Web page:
The FP considered several possibilities as part of the differential diagnosis: compound nevus, Spitz nevus, dysplastic nevus, fibrous papule, angiokeratoma, and amelanotic melanoma. A shave biopsy identified the lesion as a Spitz nevus.
Spitz nevi are uncommon solitary pink to black colored dome-shaped papules that usually appear in the first 2 decades of life. They have features that are histologically similar to melanoma and some may, in fact, be Spitzoid melanomas. When a Spitz nevus is suspected, the lesion should be biopsied for histopathologic diagnosis. If the diagnosis is confirmed, the typical treatment is to perform a complete excision with clear margins.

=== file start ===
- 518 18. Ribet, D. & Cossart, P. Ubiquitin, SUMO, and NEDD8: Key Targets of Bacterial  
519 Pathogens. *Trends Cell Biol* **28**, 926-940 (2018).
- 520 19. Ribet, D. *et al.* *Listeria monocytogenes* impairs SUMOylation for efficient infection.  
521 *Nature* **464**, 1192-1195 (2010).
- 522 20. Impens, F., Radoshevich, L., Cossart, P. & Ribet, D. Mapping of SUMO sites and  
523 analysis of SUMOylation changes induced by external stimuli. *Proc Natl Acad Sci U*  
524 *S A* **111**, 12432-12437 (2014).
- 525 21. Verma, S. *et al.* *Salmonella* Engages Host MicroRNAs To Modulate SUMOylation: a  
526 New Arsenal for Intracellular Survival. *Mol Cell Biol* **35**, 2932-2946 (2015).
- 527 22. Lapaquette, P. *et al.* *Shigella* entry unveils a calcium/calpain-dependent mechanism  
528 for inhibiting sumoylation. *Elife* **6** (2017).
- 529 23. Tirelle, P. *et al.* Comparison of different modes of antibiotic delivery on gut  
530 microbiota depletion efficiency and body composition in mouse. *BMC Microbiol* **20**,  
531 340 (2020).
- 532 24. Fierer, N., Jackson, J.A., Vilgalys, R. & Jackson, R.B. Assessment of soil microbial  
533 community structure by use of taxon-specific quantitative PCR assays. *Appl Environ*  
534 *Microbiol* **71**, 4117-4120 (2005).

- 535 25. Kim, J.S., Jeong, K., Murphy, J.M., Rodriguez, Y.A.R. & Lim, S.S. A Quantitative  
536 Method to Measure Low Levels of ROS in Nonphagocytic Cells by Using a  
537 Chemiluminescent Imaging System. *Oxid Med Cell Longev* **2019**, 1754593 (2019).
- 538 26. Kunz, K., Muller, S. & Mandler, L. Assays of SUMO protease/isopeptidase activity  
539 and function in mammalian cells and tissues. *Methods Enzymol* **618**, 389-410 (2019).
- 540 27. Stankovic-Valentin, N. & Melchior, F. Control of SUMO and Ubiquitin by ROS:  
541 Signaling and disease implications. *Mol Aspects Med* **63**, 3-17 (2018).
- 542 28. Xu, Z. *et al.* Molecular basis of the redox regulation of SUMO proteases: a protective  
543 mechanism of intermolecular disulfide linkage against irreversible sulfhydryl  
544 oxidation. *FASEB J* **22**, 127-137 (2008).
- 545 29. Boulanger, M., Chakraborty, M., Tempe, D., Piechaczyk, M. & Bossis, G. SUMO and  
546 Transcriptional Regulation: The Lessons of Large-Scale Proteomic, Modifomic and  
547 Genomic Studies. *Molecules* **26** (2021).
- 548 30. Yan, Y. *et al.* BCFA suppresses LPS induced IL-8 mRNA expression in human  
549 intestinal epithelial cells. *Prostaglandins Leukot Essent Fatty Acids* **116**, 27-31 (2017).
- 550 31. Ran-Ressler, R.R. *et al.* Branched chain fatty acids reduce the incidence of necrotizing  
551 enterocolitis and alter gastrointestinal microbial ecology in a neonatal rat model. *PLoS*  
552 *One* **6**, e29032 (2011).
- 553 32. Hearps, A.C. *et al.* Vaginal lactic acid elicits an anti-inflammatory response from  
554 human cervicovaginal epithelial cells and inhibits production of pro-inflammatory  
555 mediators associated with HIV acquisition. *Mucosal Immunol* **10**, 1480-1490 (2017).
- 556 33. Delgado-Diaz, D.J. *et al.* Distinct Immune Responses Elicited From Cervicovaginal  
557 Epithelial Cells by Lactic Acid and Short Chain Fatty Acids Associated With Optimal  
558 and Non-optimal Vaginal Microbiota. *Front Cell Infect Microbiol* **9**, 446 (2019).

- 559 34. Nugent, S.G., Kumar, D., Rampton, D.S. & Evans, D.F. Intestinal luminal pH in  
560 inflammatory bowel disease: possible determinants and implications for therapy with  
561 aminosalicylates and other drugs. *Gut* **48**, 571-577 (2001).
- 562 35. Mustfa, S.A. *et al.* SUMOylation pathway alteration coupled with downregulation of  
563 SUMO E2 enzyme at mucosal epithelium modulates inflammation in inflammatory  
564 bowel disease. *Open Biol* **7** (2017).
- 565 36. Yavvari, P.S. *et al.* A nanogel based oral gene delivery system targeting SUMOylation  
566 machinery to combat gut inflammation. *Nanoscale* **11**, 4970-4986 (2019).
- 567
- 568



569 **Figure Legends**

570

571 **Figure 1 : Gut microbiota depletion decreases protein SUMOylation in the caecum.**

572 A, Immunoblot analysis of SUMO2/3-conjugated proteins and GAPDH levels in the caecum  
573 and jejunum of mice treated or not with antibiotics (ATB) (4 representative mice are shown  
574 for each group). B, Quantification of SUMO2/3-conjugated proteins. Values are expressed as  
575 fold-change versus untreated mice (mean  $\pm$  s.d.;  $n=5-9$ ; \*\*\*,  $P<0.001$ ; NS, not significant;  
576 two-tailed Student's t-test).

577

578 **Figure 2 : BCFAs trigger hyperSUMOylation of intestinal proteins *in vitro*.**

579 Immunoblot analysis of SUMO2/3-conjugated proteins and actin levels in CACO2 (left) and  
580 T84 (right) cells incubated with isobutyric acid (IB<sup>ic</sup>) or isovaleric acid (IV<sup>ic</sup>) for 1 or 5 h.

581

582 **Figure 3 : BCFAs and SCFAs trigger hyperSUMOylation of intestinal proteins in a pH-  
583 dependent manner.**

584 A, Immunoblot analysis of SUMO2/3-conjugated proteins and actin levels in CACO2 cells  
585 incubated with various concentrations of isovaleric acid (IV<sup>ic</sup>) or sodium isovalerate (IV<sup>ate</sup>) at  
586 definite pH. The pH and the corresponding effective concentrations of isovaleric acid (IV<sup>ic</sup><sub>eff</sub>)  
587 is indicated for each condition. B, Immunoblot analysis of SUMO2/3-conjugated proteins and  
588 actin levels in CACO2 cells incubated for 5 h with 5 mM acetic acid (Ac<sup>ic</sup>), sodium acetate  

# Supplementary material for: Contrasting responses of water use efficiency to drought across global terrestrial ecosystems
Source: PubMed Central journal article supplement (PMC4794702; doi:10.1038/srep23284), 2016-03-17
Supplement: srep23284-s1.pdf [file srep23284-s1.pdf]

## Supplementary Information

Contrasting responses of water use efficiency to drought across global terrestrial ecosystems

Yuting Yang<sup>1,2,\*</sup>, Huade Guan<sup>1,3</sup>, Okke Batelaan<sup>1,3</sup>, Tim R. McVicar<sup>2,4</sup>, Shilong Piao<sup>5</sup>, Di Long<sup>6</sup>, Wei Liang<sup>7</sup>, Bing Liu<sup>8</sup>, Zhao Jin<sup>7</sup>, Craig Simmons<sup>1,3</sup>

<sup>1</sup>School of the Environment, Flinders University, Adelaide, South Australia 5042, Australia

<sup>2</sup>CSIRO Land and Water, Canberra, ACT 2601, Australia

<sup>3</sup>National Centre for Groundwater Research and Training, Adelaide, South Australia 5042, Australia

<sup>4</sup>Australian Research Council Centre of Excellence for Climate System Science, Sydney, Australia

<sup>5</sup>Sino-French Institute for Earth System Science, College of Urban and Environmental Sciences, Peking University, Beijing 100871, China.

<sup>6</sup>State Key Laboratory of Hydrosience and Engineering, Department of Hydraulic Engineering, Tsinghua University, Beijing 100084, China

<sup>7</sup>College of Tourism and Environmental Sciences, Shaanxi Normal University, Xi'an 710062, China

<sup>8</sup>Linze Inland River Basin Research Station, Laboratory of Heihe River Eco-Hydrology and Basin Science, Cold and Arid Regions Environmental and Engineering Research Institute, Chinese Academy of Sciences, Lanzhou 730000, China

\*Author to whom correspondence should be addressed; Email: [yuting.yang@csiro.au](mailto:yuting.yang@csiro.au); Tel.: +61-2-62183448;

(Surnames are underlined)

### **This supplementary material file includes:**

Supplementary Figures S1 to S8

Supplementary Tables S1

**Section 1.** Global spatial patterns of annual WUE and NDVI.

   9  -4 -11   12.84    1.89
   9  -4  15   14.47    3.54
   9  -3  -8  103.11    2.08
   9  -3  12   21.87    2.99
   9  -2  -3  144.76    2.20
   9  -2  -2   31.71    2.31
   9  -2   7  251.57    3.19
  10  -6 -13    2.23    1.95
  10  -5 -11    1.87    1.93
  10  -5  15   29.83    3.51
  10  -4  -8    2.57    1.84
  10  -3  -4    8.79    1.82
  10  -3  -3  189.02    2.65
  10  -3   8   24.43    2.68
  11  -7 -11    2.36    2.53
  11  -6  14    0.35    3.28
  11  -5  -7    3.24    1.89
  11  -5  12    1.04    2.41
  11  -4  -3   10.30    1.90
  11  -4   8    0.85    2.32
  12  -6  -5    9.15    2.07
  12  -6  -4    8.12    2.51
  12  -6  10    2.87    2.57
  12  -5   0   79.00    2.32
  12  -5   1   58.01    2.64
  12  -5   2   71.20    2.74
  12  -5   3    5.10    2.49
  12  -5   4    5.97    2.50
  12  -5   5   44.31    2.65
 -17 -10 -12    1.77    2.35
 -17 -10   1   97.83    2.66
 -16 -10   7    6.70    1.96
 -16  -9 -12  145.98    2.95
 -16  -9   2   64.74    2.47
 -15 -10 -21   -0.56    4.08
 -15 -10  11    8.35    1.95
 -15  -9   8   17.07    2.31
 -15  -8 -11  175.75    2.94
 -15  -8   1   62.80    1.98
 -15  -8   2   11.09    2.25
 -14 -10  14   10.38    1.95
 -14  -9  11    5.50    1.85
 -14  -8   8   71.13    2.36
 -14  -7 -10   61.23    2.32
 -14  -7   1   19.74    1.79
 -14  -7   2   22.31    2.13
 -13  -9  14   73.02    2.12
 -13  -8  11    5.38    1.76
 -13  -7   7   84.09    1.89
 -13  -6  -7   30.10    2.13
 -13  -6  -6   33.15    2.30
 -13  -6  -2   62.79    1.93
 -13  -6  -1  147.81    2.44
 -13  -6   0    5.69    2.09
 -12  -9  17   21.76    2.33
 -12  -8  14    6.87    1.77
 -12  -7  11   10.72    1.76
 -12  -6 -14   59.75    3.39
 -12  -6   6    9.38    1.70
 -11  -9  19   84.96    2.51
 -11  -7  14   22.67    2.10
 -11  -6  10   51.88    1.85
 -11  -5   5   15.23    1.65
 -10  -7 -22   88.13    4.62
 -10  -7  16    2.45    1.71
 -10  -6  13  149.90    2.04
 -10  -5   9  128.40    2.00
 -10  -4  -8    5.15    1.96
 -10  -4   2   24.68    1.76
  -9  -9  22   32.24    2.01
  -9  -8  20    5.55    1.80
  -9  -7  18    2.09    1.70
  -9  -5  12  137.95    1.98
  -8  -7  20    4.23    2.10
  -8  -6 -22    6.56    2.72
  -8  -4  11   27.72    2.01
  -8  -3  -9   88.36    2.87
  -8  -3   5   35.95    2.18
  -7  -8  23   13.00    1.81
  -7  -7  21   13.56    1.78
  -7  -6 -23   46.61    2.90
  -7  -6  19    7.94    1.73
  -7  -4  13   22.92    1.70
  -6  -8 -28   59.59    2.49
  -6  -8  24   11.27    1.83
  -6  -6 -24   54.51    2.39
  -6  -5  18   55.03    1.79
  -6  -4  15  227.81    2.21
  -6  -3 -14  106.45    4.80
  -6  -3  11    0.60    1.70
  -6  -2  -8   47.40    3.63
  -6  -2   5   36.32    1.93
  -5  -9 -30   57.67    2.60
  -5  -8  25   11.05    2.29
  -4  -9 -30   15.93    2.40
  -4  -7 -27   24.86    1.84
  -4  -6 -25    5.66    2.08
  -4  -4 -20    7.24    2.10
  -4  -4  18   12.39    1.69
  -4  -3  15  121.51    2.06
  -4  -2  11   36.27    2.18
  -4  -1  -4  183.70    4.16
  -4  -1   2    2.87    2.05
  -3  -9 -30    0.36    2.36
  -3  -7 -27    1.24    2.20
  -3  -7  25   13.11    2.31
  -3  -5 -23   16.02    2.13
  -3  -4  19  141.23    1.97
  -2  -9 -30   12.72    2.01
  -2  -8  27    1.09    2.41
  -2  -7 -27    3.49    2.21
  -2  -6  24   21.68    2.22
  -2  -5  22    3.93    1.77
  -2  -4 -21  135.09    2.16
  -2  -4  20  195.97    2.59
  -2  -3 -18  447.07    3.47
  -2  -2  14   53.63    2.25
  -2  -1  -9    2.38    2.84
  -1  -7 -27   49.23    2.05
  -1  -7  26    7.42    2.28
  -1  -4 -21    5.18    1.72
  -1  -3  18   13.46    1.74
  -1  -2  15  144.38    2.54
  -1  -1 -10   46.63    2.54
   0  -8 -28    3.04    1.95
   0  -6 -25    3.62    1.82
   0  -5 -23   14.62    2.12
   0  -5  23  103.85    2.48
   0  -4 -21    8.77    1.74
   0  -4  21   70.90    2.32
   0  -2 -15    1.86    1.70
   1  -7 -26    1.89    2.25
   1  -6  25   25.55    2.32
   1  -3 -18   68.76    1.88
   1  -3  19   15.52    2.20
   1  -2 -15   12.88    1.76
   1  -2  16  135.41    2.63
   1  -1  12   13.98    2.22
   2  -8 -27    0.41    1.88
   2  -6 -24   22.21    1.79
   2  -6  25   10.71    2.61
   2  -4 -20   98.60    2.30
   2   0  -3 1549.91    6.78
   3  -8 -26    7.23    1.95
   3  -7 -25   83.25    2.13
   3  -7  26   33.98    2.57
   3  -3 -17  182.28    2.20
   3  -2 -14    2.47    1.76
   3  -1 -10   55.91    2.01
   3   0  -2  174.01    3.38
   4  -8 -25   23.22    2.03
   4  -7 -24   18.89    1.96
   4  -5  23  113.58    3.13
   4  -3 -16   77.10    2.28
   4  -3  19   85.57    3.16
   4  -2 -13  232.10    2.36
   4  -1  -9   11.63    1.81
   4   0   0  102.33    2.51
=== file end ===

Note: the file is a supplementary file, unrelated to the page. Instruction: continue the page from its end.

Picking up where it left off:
In this case, the pathologist noted that the deep margin was positive and recommended a conservative re-excision. The patient was sent to a dermatologist who fully excised the lesion with no complications.
Photos and text for Photo Rounds Friday courtesy of Richard P. Usatine, MD. This case was adapted from: Smith M, Usatine R. Benign nevi. In: Usatine R, Smith M, Mayeaux EJ, et al. Color Atlas of Family Medicine. 2nd ed. New York, NY: McGraw-Hill; 2013:945-952.
To learn more about the Color Atlas of Family Medicine, see: www.amazon.com/Color-Family-Medicine-Richard-Usatine/dp/0071769641/.
You can now get the second edition of the Color Atlas of Family Medicine as an app by clicking on this link: usatinemedia.com.